Caffeine protects against Alzheimer/ dementia Essay
Some people may think there is a connection with the caffeine intake and it helping to protect you from Alzheimer’s or dementia - Caffeine protects against Alzheimer/ dementia Essay introduction. It is thought that since caffeine already has its other affects such as being a stimulant, then it too could also cause one to have a range of cognitive disabilities. While many studies have been conducted in order to prove this connection, between caffeine and Alzheimer’s and dementia, the extent of the truth in this lay theory has yet to be discovered fully. When observing the findings of several studies on intake and effects of caffeine, the results were all leaning towards supportive of caffeine protecting against Alzheimer/ dementia.
For instance, one of the studies found that “moderate consumption of coffee at midlife is associated with a decrease risk of dementia and Alzheimer’s in late-life” (Eskelinen, Kivipelto, Ngandu, Soininen, and Tuomilehto, 2009, pg. 88). The participants of this study came from Cardiovascular risk of factors, Aging and Dementia (CAIDE), which were randomly selected survivors of population-based random sample studied from a previous study. The random sample of “2,000 survivors aged 65-79 years in the end of 1997 were all invited to the re-examination follow-up time 21” (Eskelinen et al., 2009, pg. 88). Altogether 1409 individuals completed the examination, with 875 women and 534 men.
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The four things they looked at and took into consideration for their study was measurements, assessment of cognitive status, dietary assessment, and statistical analysis. After taking into consideration the few modifications, they found that moderate coffee consumption decreased risk of dementia. The three strengths to this study were they had a population-based design with high participation rates. Second, was the dietary information collected with the questionnaire previously. Thirdly, the information about coffee consumption and other parameters were already collected at midlife. The study concluded that “the results of moderate coffee consumption at midlife may decrease the risk of dementia and/or Alzheimer’s later in life” (Eskelinen et al., 2009, pg. 88).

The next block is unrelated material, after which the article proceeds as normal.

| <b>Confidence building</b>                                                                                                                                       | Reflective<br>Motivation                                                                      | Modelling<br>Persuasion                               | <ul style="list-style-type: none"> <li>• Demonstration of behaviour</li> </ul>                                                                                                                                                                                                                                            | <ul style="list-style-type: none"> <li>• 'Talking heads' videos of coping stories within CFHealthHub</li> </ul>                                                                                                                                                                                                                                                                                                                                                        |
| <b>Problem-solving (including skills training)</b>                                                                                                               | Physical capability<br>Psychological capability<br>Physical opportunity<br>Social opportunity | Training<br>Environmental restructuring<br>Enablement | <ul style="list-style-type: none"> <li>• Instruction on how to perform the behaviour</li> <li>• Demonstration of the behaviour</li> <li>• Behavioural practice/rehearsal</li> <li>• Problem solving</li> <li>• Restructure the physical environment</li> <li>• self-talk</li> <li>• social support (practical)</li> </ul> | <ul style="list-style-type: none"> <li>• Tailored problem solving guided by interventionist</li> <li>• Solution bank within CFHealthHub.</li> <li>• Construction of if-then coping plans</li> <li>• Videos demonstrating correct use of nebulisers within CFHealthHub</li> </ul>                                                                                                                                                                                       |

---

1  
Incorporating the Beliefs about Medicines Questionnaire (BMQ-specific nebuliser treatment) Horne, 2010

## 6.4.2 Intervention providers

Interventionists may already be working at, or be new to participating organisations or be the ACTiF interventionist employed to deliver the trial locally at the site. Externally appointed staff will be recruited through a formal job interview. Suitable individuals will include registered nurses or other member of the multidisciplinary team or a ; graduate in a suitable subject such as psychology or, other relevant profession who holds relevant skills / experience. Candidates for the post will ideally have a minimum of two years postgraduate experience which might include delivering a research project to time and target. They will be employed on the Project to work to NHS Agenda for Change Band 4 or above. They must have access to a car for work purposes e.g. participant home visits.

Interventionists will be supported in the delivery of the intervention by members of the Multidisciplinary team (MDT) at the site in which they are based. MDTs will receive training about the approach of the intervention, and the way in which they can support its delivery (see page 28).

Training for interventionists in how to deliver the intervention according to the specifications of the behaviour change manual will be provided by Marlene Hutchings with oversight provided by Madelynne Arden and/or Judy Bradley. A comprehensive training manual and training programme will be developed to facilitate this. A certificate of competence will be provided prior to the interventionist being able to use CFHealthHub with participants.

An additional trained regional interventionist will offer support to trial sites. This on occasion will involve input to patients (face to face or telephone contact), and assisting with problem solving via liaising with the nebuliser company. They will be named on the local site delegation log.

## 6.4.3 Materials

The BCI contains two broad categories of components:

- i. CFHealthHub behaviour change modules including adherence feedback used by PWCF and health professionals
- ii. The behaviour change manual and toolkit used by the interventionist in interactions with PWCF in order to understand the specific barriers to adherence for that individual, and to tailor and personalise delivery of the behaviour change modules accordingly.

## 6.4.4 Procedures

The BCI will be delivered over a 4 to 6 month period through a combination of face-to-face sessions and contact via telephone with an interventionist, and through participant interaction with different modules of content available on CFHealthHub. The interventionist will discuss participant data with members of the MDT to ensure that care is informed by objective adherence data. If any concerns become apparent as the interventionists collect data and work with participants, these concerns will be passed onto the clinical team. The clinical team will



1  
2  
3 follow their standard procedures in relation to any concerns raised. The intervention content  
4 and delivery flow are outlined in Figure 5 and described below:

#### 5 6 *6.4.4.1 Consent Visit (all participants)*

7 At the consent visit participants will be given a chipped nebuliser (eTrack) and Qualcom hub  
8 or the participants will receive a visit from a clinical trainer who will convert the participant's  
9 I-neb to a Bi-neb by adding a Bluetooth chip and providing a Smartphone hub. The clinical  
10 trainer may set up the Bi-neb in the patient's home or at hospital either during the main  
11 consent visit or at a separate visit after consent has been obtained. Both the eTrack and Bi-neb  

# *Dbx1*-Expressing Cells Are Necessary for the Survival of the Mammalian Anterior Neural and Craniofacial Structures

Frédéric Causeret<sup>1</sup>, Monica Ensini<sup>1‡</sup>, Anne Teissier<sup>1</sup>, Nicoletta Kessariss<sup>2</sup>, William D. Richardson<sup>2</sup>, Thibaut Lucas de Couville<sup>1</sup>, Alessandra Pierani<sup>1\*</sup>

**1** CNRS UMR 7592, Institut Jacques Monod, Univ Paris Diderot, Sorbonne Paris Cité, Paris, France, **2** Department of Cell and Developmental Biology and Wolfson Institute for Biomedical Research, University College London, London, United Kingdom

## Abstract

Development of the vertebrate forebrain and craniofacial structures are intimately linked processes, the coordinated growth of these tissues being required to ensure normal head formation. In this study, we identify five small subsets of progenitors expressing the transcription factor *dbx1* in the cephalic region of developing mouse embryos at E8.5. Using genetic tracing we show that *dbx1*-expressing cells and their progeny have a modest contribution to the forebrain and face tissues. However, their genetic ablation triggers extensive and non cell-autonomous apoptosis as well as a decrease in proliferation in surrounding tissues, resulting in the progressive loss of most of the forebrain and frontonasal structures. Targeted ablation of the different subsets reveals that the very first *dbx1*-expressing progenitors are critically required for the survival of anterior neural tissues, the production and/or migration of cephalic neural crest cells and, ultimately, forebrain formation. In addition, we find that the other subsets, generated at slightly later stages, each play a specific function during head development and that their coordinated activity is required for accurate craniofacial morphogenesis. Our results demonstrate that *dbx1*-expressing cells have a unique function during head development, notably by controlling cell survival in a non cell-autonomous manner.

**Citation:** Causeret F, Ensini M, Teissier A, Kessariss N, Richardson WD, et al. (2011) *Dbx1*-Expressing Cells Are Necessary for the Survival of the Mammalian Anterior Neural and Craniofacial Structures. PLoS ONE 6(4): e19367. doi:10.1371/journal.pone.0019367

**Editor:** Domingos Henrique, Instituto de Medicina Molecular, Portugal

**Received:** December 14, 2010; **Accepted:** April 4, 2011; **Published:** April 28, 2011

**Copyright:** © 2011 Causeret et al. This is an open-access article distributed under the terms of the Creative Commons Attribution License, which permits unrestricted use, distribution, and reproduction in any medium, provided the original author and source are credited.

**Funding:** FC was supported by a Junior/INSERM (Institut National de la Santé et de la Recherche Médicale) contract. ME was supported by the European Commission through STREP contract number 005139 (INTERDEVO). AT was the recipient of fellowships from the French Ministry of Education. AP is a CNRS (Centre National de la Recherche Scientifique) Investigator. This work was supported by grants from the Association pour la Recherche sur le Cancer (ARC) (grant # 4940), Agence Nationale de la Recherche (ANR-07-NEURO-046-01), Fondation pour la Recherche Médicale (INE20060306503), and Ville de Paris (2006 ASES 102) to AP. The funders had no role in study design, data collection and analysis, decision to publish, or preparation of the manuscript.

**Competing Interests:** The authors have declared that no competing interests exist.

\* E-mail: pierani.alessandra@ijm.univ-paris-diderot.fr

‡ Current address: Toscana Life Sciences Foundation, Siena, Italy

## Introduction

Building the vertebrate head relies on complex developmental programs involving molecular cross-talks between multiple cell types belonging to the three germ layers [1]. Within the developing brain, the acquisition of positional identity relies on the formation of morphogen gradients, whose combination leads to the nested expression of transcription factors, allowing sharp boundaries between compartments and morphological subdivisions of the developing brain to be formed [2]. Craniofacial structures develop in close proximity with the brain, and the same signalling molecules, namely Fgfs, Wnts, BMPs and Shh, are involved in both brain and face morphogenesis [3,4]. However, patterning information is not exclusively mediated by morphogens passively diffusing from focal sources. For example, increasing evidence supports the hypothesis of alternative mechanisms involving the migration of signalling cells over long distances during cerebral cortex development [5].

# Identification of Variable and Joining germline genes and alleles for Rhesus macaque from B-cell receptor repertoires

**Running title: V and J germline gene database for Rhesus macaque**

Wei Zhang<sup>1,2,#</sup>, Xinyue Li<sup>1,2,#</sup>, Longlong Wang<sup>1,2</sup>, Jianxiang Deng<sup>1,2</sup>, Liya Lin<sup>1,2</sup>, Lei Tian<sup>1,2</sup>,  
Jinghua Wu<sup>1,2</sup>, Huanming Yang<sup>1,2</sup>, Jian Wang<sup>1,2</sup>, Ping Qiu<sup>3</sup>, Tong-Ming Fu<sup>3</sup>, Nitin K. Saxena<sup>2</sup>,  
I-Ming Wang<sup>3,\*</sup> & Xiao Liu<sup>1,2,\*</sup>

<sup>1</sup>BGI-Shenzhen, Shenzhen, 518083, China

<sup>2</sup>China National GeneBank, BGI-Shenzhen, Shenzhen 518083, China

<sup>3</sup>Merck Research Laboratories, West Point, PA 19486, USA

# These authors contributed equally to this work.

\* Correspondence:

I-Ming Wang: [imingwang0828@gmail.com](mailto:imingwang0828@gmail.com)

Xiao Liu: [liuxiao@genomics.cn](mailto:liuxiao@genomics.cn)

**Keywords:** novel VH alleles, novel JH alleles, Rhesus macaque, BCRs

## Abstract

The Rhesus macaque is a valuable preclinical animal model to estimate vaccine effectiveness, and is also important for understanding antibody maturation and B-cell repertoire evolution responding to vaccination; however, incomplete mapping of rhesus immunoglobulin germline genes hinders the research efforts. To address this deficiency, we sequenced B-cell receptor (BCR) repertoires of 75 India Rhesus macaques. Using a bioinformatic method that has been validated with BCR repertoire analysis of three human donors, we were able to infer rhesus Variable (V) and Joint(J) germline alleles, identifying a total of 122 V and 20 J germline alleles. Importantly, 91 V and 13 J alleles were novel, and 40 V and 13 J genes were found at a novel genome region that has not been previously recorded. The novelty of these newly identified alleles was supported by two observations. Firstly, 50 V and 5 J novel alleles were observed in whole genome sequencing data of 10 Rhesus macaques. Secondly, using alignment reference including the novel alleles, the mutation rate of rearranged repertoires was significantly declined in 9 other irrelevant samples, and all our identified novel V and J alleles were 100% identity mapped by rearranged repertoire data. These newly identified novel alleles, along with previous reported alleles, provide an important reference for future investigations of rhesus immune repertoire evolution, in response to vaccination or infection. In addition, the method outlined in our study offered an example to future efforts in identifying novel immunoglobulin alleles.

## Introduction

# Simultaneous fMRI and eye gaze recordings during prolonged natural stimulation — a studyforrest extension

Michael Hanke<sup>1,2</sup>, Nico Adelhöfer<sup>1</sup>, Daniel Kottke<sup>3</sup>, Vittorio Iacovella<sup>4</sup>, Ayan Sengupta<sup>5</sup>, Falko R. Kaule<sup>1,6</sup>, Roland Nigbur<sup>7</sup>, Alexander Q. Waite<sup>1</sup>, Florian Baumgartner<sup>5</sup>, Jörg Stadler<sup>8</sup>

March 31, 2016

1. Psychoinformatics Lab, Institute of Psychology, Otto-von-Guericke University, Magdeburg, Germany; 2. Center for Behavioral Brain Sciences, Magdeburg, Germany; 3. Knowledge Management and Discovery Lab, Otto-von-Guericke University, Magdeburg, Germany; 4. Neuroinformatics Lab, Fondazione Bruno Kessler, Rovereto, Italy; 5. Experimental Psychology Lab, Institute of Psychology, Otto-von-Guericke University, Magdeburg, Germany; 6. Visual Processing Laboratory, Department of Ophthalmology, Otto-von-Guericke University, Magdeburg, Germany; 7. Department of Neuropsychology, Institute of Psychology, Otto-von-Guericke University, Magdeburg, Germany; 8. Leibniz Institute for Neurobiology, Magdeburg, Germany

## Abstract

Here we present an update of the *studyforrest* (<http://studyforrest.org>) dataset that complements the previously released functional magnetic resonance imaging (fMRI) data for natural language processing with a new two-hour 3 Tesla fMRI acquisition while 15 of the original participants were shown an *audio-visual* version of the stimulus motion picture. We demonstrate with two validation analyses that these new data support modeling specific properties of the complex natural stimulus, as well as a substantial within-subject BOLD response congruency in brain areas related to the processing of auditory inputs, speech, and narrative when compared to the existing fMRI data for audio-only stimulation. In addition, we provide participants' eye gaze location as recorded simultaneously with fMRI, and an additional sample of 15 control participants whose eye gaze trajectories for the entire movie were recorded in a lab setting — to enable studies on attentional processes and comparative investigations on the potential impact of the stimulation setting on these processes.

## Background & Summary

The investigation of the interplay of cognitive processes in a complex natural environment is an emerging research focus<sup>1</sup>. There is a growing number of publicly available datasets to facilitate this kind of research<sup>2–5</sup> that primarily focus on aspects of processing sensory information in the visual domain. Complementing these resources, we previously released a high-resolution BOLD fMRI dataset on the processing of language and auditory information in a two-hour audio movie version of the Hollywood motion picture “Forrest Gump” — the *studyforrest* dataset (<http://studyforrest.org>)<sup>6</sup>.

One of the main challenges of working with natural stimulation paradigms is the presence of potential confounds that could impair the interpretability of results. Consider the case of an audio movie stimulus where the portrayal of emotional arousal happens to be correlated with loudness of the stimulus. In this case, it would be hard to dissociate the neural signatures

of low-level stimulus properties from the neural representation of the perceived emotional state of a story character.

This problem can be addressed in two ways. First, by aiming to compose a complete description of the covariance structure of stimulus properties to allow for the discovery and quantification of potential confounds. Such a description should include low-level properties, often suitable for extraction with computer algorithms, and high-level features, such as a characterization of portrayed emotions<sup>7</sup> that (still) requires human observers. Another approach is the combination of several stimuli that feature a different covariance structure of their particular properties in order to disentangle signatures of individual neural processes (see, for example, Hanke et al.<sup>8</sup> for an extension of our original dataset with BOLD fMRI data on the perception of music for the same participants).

Furthermore, in the second study, caffeine intake was associated with a significantly lower risk for Alzheimer, independently of other possible confounding variable. This was a case control study with a total of 74 consecutive Alzheimer patients and 72 controls. They were evaluated to obtain 54 pairs matched for sex and age. The 54 patients with the probable Alzheimer’s attended clinics and underwent laboratory examinations, and some kind of brain activity, along with clinical background history. The controls of the study were people accompanying the patients at the outpatient clinics during the same period. Their only criteria for the controls were for them to have a normal score on the MMSE and the absence of any known neurological disorder. All the interviews were done face-to-face and used a “structured questionnaire that evaluated socio-demographic characteristics and medical history, including previous and current medication and another questionnaire assessing caffeine exposure, alcohol consumption and smoking habits” (Maia and Mendonca, 2002,p. 378).